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Medicare Says 'No' to Bed Sores and Other Hospital Complications

By Cindy Skrzycki
Tuesday, October 21, 2008

Hospitals will no longer get paid for some specific treatment errors, including infections, bed sores and objects left inside patients after surgery, under a new Medicare policy.

Regulators at the Centers for Medicare and Medicaid Services told about 3,500 U.S. hospitals that as of Oct. 1, they won't be reimbursed for such so-called "never events" that patients should never acquire during a hospital stay. The dozen treatment areas on the list are considered "reasonably preventable" and aren't present when a patient checks in.

In an Aug. 19 final rule, the government estimated that some $21 million would be saved annually by not paying for 500,000 follow-up procedures to correct complications from the hospital hall of horrors. That's a drop in the catheter compared with the $110 billion in payments Medicare makes to hospitals each year.

Still, officials say the payoff will be in improving the standard of care, focusing hospitals on prevention and saving patients the pain of unnecessary treatment.

"It's a sea change, and we hope this is just the beginning," said Herb Kuhn, deputy administrator of the Centers for Medicare and Medicaid Services. "When you enter a hospital, you don't want to leave with something else. Let's get it right the first time."

Overall, medical errors, including those just targeted, cost as much as $29 billion annually and result in 98,000 deaths, according to a landmark 1999 study.

Hospital professionals say the government is setting an impossible standard.

"It's frustrating to be held accountable for things you can't prevent," said Nancy Foster, vice president of quality and patient-safety policy at the American Hospital Association. She said there are items on the list that "we don't know how to make never happen."

She suggested that bed sores and falls are tough to prevent when a frail patient might already have skin problems, or a patient doesn't call a nurse for help moving and then falls.

J. James Rohack, president-elect of the American Medical Association and a cardiologist in Texas, said Medicare should be investing in research to eliminate these kinds of problems. Instead, he said, regulators are implementing a "pay for perfection" system that isn't supported by science and ultimately may result in certain procedures not being done on high-risk patients.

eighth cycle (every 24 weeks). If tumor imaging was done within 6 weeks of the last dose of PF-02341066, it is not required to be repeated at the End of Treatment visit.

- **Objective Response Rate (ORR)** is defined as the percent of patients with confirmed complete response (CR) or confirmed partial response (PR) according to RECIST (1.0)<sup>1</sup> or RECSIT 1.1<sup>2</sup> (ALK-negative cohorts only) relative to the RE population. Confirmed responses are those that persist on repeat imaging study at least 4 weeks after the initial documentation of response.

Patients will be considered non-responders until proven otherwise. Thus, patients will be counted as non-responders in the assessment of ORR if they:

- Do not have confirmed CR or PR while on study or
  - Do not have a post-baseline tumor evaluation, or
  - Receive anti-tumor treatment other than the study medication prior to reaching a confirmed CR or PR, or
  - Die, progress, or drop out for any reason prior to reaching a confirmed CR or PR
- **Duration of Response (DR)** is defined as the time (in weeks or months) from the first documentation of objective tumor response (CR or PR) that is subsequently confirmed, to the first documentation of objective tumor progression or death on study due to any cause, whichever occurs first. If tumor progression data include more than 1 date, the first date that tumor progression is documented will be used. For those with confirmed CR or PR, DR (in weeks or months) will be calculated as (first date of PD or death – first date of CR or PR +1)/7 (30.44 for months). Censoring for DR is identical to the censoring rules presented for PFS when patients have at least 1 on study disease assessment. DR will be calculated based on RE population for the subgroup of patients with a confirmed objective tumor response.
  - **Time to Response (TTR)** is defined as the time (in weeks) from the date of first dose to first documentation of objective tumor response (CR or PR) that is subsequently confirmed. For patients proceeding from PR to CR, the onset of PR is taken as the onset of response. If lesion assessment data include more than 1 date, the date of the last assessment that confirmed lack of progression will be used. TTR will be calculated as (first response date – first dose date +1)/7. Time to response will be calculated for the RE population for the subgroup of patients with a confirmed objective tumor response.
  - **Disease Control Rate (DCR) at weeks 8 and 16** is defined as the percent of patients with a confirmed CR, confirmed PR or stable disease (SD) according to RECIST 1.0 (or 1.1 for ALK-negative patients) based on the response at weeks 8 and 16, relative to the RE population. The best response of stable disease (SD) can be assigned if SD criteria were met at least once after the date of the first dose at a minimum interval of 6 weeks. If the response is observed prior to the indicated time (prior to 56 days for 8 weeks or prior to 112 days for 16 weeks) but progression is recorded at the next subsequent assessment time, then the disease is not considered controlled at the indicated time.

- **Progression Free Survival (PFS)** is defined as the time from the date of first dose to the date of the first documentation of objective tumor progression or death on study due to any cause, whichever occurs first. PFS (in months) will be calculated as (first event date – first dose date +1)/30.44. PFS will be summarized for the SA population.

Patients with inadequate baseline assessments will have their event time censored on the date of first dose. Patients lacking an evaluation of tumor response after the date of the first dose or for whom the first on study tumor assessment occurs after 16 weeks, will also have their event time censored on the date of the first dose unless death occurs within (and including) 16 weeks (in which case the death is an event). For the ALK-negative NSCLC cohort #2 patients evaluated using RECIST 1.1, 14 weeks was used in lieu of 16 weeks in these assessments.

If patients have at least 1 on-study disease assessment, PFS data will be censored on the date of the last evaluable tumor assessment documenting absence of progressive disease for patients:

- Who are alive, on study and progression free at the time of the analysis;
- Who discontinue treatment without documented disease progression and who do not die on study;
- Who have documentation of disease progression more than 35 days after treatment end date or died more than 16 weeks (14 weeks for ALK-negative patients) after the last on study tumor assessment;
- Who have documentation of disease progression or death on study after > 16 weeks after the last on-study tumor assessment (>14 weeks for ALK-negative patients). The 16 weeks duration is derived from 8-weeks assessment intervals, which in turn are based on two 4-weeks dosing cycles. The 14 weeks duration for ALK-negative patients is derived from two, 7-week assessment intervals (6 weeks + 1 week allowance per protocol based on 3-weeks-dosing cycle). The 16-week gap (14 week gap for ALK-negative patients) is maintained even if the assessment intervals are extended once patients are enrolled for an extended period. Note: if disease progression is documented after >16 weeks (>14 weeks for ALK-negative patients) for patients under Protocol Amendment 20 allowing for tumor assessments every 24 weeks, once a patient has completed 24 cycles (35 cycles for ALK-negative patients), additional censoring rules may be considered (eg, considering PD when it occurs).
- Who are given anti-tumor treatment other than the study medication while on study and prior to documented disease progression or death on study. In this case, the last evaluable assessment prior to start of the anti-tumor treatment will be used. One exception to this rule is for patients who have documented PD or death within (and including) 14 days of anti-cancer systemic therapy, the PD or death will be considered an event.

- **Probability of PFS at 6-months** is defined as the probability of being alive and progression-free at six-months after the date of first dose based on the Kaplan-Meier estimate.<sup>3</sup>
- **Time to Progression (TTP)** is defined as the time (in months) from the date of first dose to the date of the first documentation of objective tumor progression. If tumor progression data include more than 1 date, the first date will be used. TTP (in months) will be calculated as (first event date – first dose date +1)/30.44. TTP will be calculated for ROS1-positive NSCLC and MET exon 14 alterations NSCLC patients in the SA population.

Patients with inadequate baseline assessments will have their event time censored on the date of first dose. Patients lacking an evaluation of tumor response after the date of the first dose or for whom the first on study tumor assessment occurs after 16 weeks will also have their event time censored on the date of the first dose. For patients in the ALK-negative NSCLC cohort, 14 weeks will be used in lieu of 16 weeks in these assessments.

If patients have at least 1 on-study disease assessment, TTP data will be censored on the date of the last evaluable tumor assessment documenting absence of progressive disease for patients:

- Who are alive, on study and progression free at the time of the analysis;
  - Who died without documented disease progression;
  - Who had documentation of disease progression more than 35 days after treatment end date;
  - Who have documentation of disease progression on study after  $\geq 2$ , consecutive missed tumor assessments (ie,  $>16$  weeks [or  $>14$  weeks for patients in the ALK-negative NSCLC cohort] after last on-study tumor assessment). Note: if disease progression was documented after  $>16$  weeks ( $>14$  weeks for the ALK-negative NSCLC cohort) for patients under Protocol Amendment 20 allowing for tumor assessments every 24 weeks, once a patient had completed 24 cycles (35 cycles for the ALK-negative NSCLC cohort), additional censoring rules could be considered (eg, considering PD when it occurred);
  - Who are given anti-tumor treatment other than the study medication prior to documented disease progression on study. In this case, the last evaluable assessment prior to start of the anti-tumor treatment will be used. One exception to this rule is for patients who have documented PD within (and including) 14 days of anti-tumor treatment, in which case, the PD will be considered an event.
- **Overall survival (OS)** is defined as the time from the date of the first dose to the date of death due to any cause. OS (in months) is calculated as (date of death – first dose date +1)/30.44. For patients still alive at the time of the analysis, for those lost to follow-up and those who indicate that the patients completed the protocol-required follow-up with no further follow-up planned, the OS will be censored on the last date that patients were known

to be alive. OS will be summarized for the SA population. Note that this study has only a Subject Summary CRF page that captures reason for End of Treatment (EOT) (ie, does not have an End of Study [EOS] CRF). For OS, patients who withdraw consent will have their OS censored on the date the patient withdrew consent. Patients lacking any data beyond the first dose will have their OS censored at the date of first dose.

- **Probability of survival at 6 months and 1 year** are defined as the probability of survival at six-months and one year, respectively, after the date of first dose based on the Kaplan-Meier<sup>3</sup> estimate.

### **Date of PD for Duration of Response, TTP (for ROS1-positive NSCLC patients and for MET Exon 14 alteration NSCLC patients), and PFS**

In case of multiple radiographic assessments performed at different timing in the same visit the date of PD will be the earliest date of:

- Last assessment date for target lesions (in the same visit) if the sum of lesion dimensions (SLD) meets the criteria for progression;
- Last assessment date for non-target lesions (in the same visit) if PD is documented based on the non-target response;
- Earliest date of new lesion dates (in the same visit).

Tests at hospitals in Michigan have shown that following strict procedures for inserting central blood lines in patients in intensive care units reduced the number of infections to almost zero. Within three months, the program eliminated infections in more than half of the participating hospitals, according to government officials.

The Agency for Healthcare Research and Quality, a federal agency that supports such initiatives, announced Oct. 1 that it awarded a $3 million grant to spread the program to other hospitals.

States and private insurers also have begun to ask for more reporting of errors.

About 20 states already require reporting of medical errors such as those on the Forum's list of 28 preventable medical "events," said Janet Corrigan, president and chief executive of the National Quality Forum, a nonprofit group that sets standards for measuring and reporting health care.

"We know we can get very close to eliminating them," Corrigan said, if there is no reprisal against hospital workers who report mistakes, and if procedures are standardized so there is less reliance on memory and more on checklists and reminders.

Some patient advocates say that denying payments could hurt patients and lead to billing disputes among patients, hospitals and Medicare.

"Beneficiaries who fit certain illness profiles will not get services," said Alfred Chiplin, senior policy attorney for the Center for Medicare Advocacy. "Say someone comes in from a nursing home with pneumonia. Do they bring them in or pump them with an antibiotic and send them home?"

Paul H. O'Neill, a former Treasury secretary who has been involved in several health-care initiatives in Pennsylvania, says Medicare's emphasis is wrong.

"There are still an enormous number of errors, and at the crux of the problem is how do we eliminate this stuff? If we eliminate it, we don't have to pay for it at all," he said.

O'Neill suggested that Medicare fund several demonstration programs with hospitals that agree to work on eliminating errors. He is concerned the new rule could lead to less reporting of errors, since an analysis in Pennsylvania shows hospitals underreport mistakes.

Medicare's Kuhn said he expects reporting will be accurate. Regulators will watch claims closely, especially for how patients are screened and classified when being admitted to the hospital, he said.

The government may add more "never events" to the list, refusing payment for certain egregious surgical mistakes and extending the policy to outpatient settings.

"We have definitely gotten their attention," Kuhn said.

Cindy Skrzycki is a regulatory columnist with Bloomberg News. She can be reached at skrzycki@bloomberg.net.

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